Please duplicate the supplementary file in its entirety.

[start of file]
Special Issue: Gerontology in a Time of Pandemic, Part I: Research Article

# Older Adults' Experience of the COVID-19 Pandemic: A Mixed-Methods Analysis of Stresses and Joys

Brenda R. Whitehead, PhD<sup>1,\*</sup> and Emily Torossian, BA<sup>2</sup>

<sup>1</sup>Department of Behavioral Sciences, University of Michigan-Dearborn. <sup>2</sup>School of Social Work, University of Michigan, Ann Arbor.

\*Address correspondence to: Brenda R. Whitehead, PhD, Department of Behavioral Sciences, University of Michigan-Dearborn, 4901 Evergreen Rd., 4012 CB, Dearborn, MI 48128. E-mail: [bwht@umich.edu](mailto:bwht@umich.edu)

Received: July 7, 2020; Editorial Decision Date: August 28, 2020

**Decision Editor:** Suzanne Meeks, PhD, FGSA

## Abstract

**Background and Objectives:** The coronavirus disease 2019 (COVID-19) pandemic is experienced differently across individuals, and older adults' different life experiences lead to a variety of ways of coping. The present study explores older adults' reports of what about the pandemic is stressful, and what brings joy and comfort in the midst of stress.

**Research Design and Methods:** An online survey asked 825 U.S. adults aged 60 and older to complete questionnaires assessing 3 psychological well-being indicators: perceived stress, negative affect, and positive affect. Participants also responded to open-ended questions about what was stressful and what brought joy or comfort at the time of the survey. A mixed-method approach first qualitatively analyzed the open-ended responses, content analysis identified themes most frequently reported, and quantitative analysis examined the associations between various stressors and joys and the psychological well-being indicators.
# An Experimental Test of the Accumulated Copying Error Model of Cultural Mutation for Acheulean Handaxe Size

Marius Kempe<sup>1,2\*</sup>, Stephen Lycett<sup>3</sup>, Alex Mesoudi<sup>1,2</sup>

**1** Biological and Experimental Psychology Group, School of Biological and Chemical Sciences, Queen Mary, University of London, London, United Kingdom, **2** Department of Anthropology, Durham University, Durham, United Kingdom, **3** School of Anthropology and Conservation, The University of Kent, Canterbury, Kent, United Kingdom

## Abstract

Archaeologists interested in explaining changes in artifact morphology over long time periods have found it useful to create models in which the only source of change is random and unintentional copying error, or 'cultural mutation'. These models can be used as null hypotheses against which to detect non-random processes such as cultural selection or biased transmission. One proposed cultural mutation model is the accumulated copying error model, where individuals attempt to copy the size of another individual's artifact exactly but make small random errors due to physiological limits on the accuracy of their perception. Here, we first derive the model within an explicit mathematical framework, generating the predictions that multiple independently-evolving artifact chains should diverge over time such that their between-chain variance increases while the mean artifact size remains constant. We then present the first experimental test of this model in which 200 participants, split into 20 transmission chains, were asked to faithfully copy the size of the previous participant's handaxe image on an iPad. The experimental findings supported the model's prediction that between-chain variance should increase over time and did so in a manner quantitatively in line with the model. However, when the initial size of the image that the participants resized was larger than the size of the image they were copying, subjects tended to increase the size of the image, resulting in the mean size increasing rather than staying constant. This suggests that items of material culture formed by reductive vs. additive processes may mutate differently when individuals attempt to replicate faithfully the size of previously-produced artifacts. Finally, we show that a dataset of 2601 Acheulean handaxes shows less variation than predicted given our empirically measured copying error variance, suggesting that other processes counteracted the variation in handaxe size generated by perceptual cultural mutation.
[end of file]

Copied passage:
Special Issue: Gerontology in a Time of Pandemic, Part I: Research Article

# Older Adults' Experience of the COVID-19 Pandemic: A Mixed-Methods Analysis of Stresses and Joys

Brenda R. Whitehead, PhD<sup>1,\*</sup> and Emily Torossian, BA<sup>2</sup>

<sup>1</sup>Department of Behavioral Sciences, University of Michigan-Dearborn. <sup>2</sup>School of Social Work, University of Michigan, Ann Arbor.

\*Address correspondence to: Brenda R. Whitehead, PhD, Department of Behavioral Sciences, University of Michigan-Dearborn, 4901 Evergreen Rd., 4012 CB, Dearborn, MI 48128. E-mail: [bwht@umich.edu](mailto:bwht@umich.edu)

Received: July 7, 2020; Editorial Decision Date: August 28, 2020

**Decision Editor:** Suzanne Meeks, PhD, FGSA

## Abstract

**Background and Objectives:** The coronavirus disease 2019 (COVID-19) pandemic is experienced differently across individuals, and older adults' different life experiences lead to a variety of ways of coping. The present study explores older adults' reports of what about the pandemic is stressful, and what brings joy and comfort in the midst of stress.

**Research Design and Methods:** An online survey asked 825 U.S. adults aged 60 and older to complete questionnaires assessing 3 psychological well-being indicators: perceived stress, negative affect, and positive affect. Participants also responded to open-ended questions about what was stressful and what brought joy or comfort at the time of the survey. A mixed-method approach first qualitatively analyzed the open-ended responses, content analysis identified themes most frequently reported, and quantitative analysis examined the associations between various stressors and joys and the psychological well-being indicators.
# An Experimental Test of the Accumulated Copying Error Model of Cultural Mutation for Acheulean Handaxe Size

Marius Kempe<sup>1,2\*</sup>, Stephen Lycett<sup>3</sup>, Alex Mesoudi<sup>1,2</sup>

**1** Biological and Experimental Psychology Group, School of Biological and Chemical Sciences, Queen Mary, University of London, London, United Kingdom, **2** Department of Anthropology, Durham University, Durham, United Kingdom, **3** School of Anthropology and Conservation, The University of Kent, Canterbury, Kent, United Kingdom

## Abstract

Archaeologists interested in explaining changes in artifact morphology over long time periods have found it useful to create models in which the only source of change is random and unintentional copying error, or 'cultural mutation'. These models can be used as null hypotheses against which to detect non-random processes such as cultural selection or biased transmission. One proposed cultural mutation model is the accumulated copying error model, where individuals attempt to copy the size of another individual's artifact exactly but make small random errors due to physiological limits on the accuracy of their perception. Here, we first derive the model within an explicit mathematical framework, generating the predictions that multiple independently-evolving artifact chains should diverge over time such that their between-chain variance increases while the mean artifact size remains constant. We then present the first experimental test of this model in which 200 participants, split into 20 transmission chains, were asked to faithfully copy the size of the previous participant's handaxe image on an iPad. The experimental findings supported the model's prediction that between-chain variance should increase over time and did so in a manner quantitatively in line with the model. However, when the initial size of the image that the participants resized was larger than the size of the image they were copying, subjects tended to increase the size of the image, resulting in the mean size increasing rather than staying constant. This suggests that items of material culture formed by reductive vs. additive processes may mutate differently when individuals attempt to replicate faithfully the size of previously-produced artifacts. Finally, we show that a dataset of 2601 Acheulean handaxes shows less variation than predicted given our empirically measured copying error variance, suggesting that other processes counteracted the variation in handaxe size generated by perceptual cultural mutation.